Proposition 8 – An exercise in popular prejudice

On August 4th a Judge in the District Court for the Northern District of the State of California ruled that Proposition 8, an amendment to the Constitution of California which stated that only heterosexual marriages would be recognised, violated the US constitution be denying same-sex couples their rights to due process and equal protection.

On August 4th a Judge in the District Court for the Northern District of the State of California ruled that Proposition 8, an amendment to the Constitution of California which stated that only heterosexual marriages would be recognised, violated the US constitution be denying same-sex couples their rights to due process and equal protection.

Last week, on the 16th of August, the Ninth Circuit Court of Appeals, ruled that decision from the District court be stayed pending the outcome of the appeal by the proponents of Proposition 8.

By preventing the first decision from having any effect until the Ninth Circuit has made a ruling on the appeal, a temporary stalemate for both parties had been created following the initial victory for the opponents. Last year when the debate on criminalising homosexuality was raging in Uganda, Kampala faced some disapproval from President Obama and Secretary Clinton, which was a little more than ironic given that Proposition 8 had been passed in California in November of 2008.

The proposition removed state recognition from same-sex unions. A recognition that they had only won that same year in May due to a California Supreme Court decision rendered in the In re Marriage Cases. If the African Union were cheekier, it would have taken that opportunity to express its ‘concern’ and the treatment of homosexuals in some states of the US.

This is not to defend or attack the debates and processes that are currently being undertaken in some countries on the issue of homosexuality and whether the rights guaranteed to their citizens should be extended to those that find attraction in people of their own sex.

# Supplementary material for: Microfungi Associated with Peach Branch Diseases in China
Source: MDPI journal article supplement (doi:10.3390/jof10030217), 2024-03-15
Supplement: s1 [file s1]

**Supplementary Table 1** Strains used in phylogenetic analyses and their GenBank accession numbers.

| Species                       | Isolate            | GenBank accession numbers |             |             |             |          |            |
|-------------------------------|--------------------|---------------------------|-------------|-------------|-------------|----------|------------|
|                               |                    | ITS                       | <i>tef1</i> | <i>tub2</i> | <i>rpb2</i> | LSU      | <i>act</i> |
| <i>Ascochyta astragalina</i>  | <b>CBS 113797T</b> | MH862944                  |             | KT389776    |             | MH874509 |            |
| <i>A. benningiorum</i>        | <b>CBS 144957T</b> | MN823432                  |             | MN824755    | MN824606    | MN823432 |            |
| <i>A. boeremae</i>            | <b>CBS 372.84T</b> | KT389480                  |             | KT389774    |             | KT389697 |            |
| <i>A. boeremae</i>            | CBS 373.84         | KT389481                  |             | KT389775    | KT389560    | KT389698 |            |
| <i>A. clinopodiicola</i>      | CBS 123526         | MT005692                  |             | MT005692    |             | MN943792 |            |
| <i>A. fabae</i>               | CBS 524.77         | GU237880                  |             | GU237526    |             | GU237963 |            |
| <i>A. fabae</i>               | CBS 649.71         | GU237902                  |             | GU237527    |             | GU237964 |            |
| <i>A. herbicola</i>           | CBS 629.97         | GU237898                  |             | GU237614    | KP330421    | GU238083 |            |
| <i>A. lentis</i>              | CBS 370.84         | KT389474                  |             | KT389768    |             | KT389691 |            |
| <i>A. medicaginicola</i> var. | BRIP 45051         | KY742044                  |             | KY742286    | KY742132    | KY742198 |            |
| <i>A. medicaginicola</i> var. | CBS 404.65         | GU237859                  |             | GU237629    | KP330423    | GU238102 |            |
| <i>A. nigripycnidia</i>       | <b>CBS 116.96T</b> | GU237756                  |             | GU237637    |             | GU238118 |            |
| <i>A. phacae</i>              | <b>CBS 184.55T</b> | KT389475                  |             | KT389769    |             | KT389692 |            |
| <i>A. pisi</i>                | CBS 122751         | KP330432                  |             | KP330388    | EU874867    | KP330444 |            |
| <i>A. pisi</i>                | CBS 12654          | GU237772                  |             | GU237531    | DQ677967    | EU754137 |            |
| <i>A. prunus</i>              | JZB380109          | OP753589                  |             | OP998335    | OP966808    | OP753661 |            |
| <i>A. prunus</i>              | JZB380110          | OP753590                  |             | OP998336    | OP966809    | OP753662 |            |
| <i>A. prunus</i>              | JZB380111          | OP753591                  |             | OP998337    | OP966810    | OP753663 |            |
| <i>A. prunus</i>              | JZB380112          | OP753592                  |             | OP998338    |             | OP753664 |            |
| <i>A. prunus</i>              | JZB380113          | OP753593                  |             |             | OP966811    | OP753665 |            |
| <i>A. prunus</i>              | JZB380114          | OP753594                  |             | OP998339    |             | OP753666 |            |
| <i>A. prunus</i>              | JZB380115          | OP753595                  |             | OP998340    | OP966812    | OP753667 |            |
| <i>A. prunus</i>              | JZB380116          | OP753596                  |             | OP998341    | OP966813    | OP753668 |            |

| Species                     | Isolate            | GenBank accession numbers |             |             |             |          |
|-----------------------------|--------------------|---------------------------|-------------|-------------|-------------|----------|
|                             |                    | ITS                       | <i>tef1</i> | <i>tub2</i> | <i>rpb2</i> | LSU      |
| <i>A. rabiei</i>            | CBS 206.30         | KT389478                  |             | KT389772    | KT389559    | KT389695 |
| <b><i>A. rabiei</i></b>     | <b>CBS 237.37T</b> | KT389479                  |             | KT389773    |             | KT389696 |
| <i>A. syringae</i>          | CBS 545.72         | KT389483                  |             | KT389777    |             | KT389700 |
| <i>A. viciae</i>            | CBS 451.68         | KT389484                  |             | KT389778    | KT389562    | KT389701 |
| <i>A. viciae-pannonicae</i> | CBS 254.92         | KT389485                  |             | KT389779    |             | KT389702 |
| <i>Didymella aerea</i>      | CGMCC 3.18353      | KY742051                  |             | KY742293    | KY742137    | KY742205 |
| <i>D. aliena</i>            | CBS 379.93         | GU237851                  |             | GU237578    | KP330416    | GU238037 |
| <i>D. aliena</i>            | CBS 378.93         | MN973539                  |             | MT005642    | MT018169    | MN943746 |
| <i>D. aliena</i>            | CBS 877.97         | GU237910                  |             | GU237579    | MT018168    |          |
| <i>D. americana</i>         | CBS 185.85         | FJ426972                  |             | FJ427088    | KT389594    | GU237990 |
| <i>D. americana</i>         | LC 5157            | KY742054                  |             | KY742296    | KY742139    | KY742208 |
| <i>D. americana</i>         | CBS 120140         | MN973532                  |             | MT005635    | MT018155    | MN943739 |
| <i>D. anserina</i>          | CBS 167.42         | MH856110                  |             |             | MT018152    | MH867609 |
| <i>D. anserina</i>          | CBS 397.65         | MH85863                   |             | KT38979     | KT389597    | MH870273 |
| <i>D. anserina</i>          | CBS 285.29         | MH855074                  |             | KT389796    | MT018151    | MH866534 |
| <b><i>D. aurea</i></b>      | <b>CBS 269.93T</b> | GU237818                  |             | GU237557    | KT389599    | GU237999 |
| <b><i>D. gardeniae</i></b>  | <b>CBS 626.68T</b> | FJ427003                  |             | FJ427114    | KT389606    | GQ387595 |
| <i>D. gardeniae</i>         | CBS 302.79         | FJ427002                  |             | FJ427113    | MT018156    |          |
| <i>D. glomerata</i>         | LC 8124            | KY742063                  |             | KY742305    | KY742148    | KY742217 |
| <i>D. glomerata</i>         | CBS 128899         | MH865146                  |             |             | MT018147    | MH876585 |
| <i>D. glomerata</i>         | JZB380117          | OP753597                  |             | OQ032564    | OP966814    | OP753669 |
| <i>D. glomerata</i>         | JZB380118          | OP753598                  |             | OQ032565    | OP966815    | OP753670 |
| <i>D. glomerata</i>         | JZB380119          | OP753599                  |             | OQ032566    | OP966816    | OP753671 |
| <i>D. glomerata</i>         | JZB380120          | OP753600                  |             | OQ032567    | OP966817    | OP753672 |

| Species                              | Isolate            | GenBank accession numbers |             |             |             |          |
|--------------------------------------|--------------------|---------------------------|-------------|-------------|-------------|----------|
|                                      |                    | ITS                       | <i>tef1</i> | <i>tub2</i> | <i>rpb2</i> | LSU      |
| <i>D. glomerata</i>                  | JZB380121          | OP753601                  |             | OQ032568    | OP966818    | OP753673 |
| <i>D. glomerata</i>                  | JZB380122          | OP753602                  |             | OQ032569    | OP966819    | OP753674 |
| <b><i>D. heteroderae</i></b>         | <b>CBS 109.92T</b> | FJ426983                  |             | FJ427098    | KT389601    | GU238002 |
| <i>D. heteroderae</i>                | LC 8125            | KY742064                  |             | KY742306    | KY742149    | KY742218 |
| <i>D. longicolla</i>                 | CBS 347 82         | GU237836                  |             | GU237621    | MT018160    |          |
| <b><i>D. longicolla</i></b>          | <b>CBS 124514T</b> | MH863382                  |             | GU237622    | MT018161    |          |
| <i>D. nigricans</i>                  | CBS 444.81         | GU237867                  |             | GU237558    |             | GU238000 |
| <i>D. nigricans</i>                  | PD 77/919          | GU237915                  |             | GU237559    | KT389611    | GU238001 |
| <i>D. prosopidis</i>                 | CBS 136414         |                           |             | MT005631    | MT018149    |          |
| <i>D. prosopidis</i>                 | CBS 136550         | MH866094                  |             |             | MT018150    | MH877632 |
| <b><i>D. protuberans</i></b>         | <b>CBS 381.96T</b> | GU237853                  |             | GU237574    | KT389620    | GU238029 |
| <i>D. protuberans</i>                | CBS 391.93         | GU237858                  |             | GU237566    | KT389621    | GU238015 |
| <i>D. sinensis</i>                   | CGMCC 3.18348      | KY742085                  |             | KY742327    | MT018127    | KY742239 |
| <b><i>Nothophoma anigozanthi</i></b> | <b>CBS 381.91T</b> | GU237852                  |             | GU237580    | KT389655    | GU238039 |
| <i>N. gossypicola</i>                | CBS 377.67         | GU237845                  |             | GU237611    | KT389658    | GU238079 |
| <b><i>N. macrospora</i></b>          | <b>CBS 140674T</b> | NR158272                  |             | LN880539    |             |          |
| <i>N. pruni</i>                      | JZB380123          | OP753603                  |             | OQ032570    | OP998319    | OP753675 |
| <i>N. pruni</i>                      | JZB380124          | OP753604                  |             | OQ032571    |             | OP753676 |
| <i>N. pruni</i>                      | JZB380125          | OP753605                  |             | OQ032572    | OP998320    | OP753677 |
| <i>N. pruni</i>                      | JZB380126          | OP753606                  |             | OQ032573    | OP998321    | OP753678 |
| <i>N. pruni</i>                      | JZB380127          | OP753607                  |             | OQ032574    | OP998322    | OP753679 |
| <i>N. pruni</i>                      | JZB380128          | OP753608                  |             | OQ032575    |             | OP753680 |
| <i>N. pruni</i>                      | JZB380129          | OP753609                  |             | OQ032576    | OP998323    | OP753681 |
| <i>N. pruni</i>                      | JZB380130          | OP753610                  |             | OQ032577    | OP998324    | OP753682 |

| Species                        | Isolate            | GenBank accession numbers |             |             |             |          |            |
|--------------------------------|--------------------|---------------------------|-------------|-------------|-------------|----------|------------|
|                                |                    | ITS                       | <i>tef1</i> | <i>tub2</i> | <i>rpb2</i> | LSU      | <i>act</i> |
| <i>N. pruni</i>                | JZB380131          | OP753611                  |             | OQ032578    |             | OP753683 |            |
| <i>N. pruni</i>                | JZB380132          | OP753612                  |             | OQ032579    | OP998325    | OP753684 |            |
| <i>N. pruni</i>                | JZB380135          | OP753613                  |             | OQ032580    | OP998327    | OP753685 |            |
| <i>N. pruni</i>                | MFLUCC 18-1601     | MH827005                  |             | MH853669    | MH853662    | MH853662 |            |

It is rather one armchair analyst’s opportunity to present a bias for granting of rights to everyone irrespective of what their orientation may be. One particular friend of this country, Pastor Rick Warren, would surely disapprove at the direction this purpose is driving me.

Under Rwandan law, article 26 of the Constitution of the Republic and article 170 of the Preliminary Title and Book I of the Civil Code both state that civil marriage alone is recognised by the State with civil marriage being defined as a ‘voluntary union between a man and a woman’.

In the Rwandan context, while homosexuality probably exists, there is nothing in tradition or law that provides for how a same-sex union would be recognised even while everyone would agree that marriage is a right to all citizens.

The Minister of Justice recently made it clear that the criminal code would not penalise people of that particular orientation, which is nothing to sniff at if you consider the trials that two gay men had to undergo in Malawi recently.

Our social conservatism seems to have chosen to ignore what several African countries would consider deviant.
It should be said that a lot of the arguments that have been stated by those against granting the right to marriage to gay people sound suspiciously like those made in Europe, the Americas and apartheid South Africa against inter-racial marriage.

They should be called out for what they are – discriminatory. Judge Vaughn Walker of the Court for the Northern District of the State of California said it best when he said, “[M]oral disapproval, without any other asserted state interest, has never been a rational basis for legislation”. 

Let’s overcome our prejudices and extend every right, including marriage, to every citizen despite anything we may think privately of them.

okabatende@gmail.com

Oscar Kabbatende is a lawyer

 

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